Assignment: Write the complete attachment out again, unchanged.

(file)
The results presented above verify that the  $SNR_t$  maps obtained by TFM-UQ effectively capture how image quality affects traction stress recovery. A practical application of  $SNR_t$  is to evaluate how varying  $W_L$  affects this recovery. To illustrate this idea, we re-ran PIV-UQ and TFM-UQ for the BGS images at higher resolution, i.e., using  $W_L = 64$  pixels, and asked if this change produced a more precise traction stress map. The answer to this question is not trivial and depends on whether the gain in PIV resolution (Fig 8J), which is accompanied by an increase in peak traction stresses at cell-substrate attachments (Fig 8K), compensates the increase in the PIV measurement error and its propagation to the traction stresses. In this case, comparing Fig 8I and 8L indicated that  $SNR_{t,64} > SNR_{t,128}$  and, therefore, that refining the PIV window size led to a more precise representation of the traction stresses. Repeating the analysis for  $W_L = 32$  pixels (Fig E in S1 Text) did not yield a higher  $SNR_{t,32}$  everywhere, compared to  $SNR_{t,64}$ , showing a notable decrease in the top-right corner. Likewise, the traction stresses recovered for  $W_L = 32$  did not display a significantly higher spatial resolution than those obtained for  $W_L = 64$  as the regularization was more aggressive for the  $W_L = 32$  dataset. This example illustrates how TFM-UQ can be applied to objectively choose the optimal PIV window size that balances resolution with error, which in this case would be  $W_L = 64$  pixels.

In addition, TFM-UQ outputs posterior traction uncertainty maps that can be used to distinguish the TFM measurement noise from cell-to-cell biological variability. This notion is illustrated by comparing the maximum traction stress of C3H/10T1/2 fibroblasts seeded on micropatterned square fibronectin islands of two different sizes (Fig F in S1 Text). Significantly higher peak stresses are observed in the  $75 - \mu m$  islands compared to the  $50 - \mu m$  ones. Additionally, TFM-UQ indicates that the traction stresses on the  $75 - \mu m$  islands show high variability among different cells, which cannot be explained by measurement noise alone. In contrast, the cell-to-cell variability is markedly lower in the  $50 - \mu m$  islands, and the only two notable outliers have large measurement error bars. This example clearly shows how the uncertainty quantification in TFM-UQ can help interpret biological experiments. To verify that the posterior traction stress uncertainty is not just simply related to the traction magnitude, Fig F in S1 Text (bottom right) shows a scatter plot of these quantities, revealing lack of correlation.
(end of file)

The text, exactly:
The results presented above verify that the  $SNR_t$  maps obtained by TFM-UQ effectively capture how image quality affects traction stress recovery. A practical application of  $SNR_t$  is to evaluate how varying  $W_L$  affects this recovery. To illustrate this idea, we re-ran PIV-UQ and TFM-UQ for the BGS images at higher resolution, i.e., using  $W_L = 64$  pixels, and asked if this change produced a more precise traction stress map. The answer to this question is not trivial and depends on whether the gain in PIV resolution (Fig 8J), which is accompanied by an increase in peak traction stresses at cell-substrate attachments (Fig 8K), compensates the increase in the PIV measurement error and its propagation to the traction stresses. In this case, comparing Fig 8I and 8L indicated that  $SNR_{t,64} > SNR_{t,128}$  and, therefore, that refining the PIV window size led to a more precise representation of the traction stresses. Repeating the analysis for  $W_L = 32$  pixels (Fig E in S1 Text) did not yield a higher  $SNR_{t,32}$  everywhere, compared to  $SNR_{t,64}$ , showing a notable decrease in the top-right corner. Likewise, the traction stresses recovered for  $W_L = 32$  did not display a significantly higher spatial resolution than those obtained for  $W_L = 64$  as the regularization was more aggressive for the  $W_L = 32$  dataset. This example illustrates how TFM-UQ can be applied to objectively choose the optimal PIV window size that balances resolution with error, which in this case would be  $W_L = 64$  pixels.

In addition, TFM-UQ outputs posterior traction uncertainty maps that can be used to distinguish the TFM measurement noise from cell-to-cell biological variability. This notion is illustrated by comparing the maximum traction stress of C3H/10T1/2 fibroblasts seeded on micropatterned square fibronectin islands of two different sizes (Fig F in S1 Text). Significantly higher peak stresses are observed in the  $75 - \mu m$  islands compared to the  $50 - \mu m$  ones. Additionally, TFM-UQ indicates that the traction stresses on the  $75 - \mu m$  islands show high variability among different cells, which cannot be explained by measurement noise alone. In contrast, the cell-to-cell variability is markedly lower in the  $50 - \mu m$  islands, and the only two notable outliers have large measurement error bars. This example clearly shows how the uncertainty quantification in TFM-UQ can help interpret biological experiments. To verify that the posterior traction stress uncertainty is not just simply related to the traction magnitude, Fig F in S1 Text (bottom right) shows a scatter plot of these quantities, revealing lack of correlation.